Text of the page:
Beam Me up, Scotty, and Log Me in


Those who grew up watching “Star Trek,” the classic Gene Roddenberry science fiction TV show from the 1970s, probably remember being glued to the TV screen. We watched the crew of the Enterprise travel through outer space and communicate with one another by means of “communicators.” It always sounded as though Captain James T. Kirk was in a big hurry when he ordered his chief engineer to transport him back to the ship.

After each episode we would talk about how cool it would be if we could beam ourselves from place to place or call our friends using one of those communicators. Our appetite for technology is increasing every day. We demand better graphics, faster downloads and more information accessibility. As technology continues to develop, it pushes us to embrace multitasking. Some of us are co-dependent on our cell phones and cannot control texting behavior. Could you live without your cell phone for a day, or an entire week? How stressed out do you feel just thinking about it? We have become one with technology and we simply cannot live without it. While this is normal, it’s easy to leverage technology to our advantage.

We’re busy and so are our customers who seem as though they are running in five directions at one time. It is increasingly difficult to book an appointment or a design meeting with clients. Trying to set up a face-to-face meeting these days takes an act of Congress. In business, having face-to-face meetings is still important, but not necessary all the time.

My businesses have been using a popular online meeting tool for a few years until we were introduced to a different online collaboration tool called Log Me In. This company has created a tool that simplifies how users connect and share information.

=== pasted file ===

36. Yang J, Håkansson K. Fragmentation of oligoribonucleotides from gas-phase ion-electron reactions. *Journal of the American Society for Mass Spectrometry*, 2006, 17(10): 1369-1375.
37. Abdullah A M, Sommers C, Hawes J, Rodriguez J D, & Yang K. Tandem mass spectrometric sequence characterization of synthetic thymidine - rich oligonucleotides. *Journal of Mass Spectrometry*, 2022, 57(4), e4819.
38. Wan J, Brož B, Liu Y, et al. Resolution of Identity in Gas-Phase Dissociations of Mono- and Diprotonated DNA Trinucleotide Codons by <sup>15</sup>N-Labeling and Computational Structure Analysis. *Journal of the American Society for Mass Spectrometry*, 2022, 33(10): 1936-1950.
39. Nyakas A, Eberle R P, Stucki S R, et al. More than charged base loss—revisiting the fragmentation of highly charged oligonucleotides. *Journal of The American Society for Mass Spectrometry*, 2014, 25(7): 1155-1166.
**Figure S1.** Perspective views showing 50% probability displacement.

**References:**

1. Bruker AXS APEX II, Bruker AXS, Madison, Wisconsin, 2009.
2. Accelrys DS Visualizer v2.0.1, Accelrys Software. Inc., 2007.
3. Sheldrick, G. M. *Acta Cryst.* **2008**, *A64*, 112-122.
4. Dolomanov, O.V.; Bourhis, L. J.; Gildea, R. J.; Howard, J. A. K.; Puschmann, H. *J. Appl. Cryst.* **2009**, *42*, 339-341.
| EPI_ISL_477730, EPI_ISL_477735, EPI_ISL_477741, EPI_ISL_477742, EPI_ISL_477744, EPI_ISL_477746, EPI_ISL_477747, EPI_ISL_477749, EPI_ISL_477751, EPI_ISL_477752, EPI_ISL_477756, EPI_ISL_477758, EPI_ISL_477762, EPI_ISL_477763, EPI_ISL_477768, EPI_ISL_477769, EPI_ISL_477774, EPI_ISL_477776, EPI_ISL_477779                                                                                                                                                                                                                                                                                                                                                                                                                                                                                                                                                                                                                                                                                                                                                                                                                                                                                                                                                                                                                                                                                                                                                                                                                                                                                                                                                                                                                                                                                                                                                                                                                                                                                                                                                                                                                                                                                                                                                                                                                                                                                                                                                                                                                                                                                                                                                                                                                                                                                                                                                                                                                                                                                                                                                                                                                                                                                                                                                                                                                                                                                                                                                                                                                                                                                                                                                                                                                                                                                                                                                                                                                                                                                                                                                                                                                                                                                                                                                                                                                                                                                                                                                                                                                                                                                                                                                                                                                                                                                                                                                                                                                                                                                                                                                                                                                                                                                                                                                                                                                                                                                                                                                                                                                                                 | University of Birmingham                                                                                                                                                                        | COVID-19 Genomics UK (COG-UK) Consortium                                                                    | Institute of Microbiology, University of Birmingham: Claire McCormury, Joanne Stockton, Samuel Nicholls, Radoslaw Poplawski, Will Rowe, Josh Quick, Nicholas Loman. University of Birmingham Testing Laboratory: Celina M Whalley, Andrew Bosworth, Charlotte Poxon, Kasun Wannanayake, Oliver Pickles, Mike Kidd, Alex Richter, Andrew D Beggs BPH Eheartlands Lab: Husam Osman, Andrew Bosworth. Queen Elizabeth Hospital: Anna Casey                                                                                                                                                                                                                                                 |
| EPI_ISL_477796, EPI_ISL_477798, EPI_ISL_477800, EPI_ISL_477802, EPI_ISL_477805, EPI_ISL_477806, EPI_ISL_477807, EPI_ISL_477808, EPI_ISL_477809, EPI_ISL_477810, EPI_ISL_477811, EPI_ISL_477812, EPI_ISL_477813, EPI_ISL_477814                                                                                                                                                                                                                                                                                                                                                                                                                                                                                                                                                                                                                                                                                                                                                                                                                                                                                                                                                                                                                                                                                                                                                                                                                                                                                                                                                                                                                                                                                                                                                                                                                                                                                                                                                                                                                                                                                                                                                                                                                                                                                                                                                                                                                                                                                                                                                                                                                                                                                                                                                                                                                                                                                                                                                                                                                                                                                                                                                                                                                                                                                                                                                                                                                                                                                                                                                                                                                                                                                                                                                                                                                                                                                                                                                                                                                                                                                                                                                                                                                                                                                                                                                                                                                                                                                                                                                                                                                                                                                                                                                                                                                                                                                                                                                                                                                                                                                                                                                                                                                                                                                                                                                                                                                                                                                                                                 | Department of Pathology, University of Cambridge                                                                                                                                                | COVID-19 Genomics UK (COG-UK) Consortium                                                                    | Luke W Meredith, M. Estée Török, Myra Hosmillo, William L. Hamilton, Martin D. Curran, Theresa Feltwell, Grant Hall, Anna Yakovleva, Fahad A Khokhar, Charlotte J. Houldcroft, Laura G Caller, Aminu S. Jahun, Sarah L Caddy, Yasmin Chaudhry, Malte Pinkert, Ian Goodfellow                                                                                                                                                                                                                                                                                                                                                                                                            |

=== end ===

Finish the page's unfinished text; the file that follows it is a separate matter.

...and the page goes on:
For example, my wife works as a bookkeeper for a local CPA firm and a few days ago I told her about Log Me In’s web application. To my surprise she told me she had been using it at work for months! I asked how it was being used and she explained how she logs into customers’ computers and updates their daily entries to their QuickBooks accounting software. Wow! It is better than beaming yourself to your client’s office. We now have the ability to remotely access (with permission) a restricted area on our customer’s computer while sitting in our office drinking a cup of coffee. She then told me that you can transfer files between computers, print remote files to your local printer, share a large file without using e-mail attachments, FTP, or a third-party site or share your desktop with another person. This simplifies her job because she has access to the information she needs to perform her job. Brilliant!

Our design firm recently used Log Me In on a third-floor attic space that is to be completely gutted and remodeled. We were given this project with the understanding that it needed to be completely designed and ready for construction in two weeks’ time. Our team measured the space in a few hours, built the existing 3-D model the next day and met with the clients by the end of the week. Our clients, the contractor and I met in Boston and our 3-D modeling team located in the Midwest joined us by using the Log Me In web application. The clients were thrilled to see their new space on screen and it made a big difference when it came to talking about what they wanted and what they could fit within it.

After the meeting I went back to my office and collaborated with my 3-D modeler for a few hours. We used the information we had gleaned from the client meeting to start the design process. Within a few hours we had solid design ideas and invited the contractor to join us online to show him our progress. He joined our online meeting and was excited to see how thorough and complete the plans were, which had been developed in such a short amount of time. Using technology wisely and efficiently can help our businesses, and can help us achieve more in our personal lives.

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